I produce videos that are mainly audio with some slides as visuals.

The slides change about once every 30 seconds, so even at a frame rate of 1fps my video would play smoothly.

When I try and export my video from Premiere Pro the lowest frame rate h.265 encoding allows is 10fps. Is that limit put in place by the Codec?

1 Answer 1


To answer the title question exactly, no, the theoretical floor for H265 framerate is probably less than 1fps. But you don't want to fiddle with framerate anyway. It won't help you produce a quality video within your spec requirements (unless some unusually low framerate is in your specs).

When making videos from slides presentations is tempting to believe that you will gain meaningful file size reductions by lowering the framerate, but this notion is completely false. It is also false that you will gain meaningful quality increases with no size increase.

H265 is very good at interframe compression. If you take a static image and make a 30fps H265 video from it, the resultant file will be pragmatically identical to 1fps, or even 60fps versions.

Continuing on pragmatism, most end user players I've looked at for this issue struggle to play framerates under 15fps. In my experience, your videos won't play smoothly at 1fps. Any quality gains or size reductions are meaningless if end users cannot play the file.

You need to render your file with a variable bitrate. I'm not familiar with Primere Pro; and complete control over your renders, as can be attained from ffmpeg, may not be available, but I'm sure you have a VBR option. Try it out, and leave the framerate at the standard 30fps. Optionally, render for your permanent archive, then process with ffmpeg for end user distributions.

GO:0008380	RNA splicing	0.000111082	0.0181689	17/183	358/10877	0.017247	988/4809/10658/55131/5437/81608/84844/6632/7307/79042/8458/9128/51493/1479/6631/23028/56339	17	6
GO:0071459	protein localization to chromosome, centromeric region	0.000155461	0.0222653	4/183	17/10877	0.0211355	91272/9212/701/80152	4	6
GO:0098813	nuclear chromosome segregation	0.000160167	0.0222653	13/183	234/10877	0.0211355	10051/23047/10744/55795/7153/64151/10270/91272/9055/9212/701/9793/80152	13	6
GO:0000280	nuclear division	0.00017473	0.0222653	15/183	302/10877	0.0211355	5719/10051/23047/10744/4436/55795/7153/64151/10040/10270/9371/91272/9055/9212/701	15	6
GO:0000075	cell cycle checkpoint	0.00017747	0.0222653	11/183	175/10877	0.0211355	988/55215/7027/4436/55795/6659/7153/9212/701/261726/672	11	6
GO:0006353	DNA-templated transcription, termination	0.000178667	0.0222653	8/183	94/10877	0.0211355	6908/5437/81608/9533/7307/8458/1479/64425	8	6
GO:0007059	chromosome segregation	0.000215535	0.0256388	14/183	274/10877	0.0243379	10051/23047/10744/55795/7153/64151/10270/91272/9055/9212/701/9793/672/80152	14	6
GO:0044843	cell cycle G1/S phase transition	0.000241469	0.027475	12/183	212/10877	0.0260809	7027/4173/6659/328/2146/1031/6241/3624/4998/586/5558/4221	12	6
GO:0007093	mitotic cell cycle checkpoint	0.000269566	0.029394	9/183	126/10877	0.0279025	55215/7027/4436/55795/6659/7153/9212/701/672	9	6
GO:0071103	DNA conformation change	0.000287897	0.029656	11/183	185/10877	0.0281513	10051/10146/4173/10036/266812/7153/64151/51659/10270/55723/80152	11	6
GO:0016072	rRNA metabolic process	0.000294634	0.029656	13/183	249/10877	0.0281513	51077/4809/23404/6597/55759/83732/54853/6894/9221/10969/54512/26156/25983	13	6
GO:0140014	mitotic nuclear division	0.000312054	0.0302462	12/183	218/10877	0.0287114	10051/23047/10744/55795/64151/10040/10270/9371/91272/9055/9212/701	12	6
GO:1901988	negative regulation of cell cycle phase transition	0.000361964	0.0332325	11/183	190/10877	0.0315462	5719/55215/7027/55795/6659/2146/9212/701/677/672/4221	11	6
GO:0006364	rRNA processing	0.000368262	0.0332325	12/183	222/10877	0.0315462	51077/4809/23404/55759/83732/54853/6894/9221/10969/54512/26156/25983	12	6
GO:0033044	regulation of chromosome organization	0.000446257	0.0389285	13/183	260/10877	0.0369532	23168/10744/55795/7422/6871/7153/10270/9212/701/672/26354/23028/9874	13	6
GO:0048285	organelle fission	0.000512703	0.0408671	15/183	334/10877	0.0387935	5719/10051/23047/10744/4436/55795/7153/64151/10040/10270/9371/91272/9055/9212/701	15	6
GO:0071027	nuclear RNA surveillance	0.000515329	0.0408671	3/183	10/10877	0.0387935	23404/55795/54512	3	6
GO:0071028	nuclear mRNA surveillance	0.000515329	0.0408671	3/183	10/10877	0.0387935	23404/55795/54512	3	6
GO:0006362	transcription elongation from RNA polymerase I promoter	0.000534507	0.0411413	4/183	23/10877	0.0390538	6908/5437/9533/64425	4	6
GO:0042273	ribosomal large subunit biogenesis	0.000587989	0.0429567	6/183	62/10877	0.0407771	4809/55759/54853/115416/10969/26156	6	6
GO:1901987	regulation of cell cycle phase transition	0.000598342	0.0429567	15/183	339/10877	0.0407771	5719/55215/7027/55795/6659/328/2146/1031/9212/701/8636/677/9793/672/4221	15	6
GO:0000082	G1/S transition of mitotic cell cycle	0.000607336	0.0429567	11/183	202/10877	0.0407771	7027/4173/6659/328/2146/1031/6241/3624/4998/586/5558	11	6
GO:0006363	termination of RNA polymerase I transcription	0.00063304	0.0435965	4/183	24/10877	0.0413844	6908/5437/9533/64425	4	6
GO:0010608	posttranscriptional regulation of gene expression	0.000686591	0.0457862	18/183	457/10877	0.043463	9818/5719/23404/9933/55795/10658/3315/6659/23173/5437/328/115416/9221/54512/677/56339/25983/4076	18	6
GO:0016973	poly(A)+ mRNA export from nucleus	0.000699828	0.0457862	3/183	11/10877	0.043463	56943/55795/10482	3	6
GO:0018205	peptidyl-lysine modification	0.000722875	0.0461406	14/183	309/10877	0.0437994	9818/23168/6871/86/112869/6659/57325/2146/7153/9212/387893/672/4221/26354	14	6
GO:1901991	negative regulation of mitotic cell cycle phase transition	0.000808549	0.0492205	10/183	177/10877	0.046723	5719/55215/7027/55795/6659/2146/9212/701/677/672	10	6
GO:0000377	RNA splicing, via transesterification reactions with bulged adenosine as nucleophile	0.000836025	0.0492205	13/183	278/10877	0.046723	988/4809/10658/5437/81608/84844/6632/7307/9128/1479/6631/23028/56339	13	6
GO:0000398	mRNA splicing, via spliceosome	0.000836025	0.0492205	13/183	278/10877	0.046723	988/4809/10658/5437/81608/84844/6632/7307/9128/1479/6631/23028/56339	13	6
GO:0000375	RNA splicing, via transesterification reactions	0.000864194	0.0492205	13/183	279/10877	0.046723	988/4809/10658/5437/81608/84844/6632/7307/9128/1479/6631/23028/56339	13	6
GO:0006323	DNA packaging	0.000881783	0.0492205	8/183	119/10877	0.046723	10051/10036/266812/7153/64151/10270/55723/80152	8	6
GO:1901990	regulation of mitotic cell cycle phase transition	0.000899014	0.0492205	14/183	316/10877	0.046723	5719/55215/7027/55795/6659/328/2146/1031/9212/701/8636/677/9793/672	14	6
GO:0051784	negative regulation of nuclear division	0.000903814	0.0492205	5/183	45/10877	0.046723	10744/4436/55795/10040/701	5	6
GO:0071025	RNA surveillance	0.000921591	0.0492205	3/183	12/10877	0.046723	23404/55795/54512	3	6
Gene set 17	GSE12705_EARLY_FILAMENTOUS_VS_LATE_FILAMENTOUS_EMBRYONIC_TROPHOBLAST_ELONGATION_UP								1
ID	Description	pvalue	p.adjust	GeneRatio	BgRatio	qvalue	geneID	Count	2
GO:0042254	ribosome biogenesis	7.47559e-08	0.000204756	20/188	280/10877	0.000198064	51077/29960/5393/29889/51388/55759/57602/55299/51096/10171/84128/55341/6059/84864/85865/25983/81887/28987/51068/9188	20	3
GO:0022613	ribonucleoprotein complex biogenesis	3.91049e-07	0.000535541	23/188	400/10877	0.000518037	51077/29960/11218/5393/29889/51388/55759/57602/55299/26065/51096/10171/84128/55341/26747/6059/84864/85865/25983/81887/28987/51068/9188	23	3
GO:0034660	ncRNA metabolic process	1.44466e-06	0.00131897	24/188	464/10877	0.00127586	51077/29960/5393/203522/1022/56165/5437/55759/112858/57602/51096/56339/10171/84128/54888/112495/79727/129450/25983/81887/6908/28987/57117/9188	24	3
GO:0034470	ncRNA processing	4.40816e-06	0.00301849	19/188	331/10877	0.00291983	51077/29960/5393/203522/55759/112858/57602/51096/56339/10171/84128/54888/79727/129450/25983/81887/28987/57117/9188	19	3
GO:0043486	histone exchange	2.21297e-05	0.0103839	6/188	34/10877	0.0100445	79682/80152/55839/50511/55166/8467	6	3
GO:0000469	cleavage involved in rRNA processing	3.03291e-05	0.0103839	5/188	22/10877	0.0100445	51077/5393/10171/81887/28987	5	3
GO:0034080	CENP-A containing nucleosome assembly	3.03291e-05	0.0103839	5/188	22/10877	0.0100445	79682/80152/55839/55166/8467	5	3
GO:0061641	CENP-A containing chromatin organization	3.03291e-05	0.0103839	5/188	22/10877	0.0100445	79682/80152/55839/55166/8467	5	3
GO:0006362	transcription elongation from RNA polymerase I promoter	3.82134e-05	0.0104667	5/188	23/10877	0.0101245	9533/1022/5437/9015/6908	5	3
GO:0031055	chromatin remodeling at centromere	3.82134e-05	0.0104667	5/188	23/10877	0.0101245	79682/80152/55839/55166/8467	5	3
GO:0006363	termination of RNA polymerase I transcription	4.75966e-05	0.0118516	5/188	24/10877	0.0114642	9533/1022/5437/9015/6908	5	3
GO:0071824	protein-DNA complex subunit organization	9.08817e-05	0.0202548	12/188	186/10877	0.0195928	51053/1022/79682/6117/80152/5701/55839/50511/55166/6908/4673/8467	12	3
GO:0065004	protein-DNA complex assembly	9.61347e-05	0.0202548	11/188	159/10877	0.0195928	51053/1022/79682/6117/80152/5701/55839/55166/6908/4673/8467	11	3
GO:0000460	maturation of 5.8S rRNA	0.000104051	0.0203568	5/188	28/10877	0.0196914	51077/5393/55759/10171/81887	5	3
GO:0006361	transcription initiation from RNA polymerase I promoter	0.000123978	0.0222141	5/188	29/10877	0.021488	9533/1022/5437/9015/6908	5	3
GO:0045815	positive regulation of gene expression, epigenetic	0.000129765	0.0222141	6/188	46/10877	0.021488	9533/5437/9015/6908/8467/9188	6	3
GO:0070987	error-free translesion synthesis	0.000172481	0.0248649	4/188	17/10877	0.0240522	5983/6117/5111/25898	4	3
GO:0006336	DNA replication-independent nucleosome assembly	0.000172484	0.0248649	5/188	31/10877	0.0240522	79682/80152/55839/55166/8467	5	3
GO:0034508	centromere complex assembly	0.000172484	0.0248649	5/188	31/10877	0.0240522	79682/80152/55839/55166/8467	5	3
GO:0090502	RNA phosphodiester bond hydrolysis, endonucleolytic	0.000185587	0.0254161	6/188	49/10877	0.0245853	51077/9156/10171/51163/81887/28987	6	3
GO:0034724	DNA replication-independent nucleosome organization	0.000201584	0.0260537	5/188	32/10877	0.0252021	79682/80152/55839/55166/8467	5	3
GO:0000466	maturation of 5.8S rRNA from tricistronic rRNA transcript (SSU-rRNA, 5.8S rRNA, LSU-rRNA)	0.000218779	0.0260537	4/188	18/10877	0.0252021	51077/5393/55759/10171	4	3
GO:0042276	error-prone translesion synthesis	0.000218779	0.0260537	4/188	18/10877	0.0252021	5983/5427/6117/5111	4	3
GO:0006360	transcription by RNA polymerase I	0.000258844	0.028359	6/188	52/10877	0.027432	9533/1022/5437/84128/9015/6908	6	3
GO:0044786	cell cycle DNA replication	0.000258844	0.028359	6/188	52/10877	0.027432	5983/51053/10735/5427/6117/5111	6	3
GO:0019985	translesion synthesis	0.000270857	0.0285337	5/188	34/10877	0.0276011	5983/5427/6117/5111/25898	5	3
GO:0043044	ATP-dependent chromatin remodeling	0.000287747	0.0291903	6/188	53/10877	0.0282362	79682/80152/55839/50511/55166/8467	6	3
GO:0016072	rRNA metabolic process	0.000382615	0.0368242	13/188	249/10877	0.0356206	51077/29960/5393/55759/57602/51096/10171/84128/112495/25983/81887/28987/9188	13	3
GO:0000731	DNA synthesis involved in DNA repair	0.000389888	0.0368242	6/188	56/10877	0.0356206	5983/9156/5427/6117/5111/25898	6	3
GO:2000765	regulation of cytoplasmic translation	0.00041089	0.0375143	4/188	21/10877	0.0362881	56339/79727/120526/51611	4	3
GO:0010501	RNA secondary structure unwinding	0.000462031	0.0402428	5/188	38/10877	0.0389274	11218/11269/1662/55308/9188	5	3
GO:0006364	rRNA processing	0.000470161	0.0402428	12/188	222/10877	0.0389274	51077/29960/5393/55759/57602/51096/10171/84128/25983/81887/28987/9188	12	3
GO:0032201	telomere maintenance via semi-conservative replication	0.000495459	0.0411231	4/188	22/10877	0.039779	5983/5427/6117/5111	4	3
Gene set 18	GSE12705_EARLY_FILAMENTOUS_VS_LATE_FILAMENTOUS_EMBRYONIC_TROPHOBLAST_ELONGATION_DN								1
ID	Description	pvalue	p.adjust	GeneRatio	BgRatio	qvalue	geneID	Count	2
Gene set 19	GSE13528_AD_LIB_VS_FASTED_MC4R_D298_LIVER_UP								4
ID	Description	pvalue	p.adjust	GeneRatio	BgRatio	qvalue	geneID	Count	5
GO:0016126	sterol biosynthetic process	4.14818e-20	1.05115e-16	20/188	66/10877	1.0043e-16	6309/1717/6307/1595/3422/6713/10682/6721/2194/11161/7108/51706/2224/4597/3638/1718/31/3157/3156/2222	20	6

• Can ffmpeg go onto youtube etc.?
    – Connor
    Commented Sep 10, 2022 at 22:21
  • 1
    @Connor Yes, see here. ffmpeg is a command line video encoding tool. It's very robust, but has a steep learning curve. I was recommending to still use primere, but with a variable bitrate.
    – user3643
    Commented Sep 10, 2022 at 23:33
  • Okay thank you! In fairness, h.265 did seem to produce a very small file size compared to h.264. About 4 times smaller.
    – Connor
    Commented Sep 11, 2022 at 9:05
  • 1
    @Connor H265 will compress better everytime, but there's still some instances where it's less reliable for end users. If your ultimate distribution channel is YouTube, I'd favor the fastest workflow without sacrificing quality. In terms of render time, both h264 and h265 will take a while (with h264 typically being faster), but the smaller file reduces upload time. Other codecs will render fast, but have low compression (big files), so you lose on the upload time. If you're doing this task frequently, play around with your workflow and available codecs. It'll benefit you later.
    – user3643
    Commented Sep 11, 2022 at 12:24

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